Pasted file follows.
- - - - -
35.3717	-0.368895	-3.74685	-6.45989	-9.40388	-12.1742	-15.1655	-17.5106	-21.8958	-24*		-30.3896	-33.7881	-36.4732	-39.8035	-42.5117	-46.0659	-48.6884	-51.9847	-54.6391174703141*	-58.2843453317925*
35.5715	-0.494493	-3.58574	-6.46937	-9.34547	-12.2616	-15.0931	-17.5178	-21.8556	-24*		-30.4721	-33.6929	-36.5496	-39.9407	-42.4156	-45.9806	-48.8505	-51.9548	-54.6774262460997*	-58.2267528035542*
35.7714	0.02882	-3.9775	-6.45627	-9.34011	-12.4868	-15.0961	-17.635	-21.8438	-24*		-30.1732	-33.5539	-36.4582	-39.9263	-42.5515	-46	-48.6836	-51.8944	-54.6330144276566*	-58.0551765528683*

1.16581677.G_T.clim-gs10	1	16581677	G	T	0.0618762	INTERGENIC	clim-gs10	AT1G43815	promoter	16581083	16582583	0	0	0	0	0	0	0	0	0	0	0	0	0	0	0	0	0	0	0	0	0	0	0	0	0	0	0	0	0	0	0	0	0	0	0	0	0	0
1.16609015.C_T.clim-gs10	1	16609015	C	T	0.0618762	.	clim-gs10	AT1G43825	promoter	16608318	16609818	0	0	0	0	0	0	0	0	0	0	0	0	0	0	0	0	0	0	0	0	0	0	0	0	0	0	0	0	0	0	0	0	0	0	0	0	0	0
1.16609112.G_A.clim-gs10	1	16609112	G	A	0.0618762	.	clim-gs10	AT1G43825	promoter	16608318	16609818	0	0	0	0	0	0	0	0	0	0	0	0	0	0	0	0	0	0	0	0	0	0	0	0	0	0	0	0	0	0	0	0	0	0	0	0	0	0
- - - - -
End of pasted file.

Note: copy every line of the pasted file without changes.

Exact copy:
35.3717	-0.368895	-3.74685	-6.45989	-9.40388	-12.1742	-15.1655	-17.5106	-21.8958	-24*		-30.3896	-33.7881	-36.4732	-39.8035	-42.5117	-46.0659	-48.6884	-51.9847	-54.6391174703141*	-58.2843453317925*
35.5715	-0.494493	-3.58574	-6.46937	-9.34547	-12.2616	-15.0931	-17.5178	-21.8556	-24*		-30.4721	-33.6929	-36.5496	-39.9407	-42.4156	-45.9806	-48.8505	-51.9548	-54.6774262460997*	-58.2267528035542*
35.7714	0.02882	-3.9775	-6.45627	-9.34011	-12.4868	-15.0961	-17.635	-21.8438	-24*		-30.1732	-33.5539	-36.4582	-39.9263	-42.5515	-46	-48.6836	-51.8944	-54.6330144276566*	-58.0551765528683*

1.16581677.G_T.clim-gs10	1	16581677	G	T	0.0618762	INTERGENIC	clim-gs10	AT1G43815	promoter	16581083	16582583	0	0	0	0	0	0	0	0	0	0	0	0	0	0	0	0	0	0	0	0	0	0	0	0	0	0	0	0	0	0	0	0	0	0	0	0	0	0
1.16609015.C_T.clim-gs10	1	16609015	C	T	0.0618762	.	clim-gs10	AT1G43825	promoter	16608318	16609818	0	0	0	0	0	0	0	0	0	0	0	0	0	0	0	0	0	0	0	0	0	0	0	0	0	0	0	0	0	0	0	0	0	0	0	0	0	0
1.16609112.G_A.clim-gs10	1	16609112	G	A	0.0618762	.	clim-gs10	AT1G43825	promoter	16608318	16609818	0	0	0	0	0	0	0	0	0	0	0	0	0	0	0	0	0	0	0	0	0	0	0	0	0	0	0	0	0	0	0	0	0	0	0	0	0	0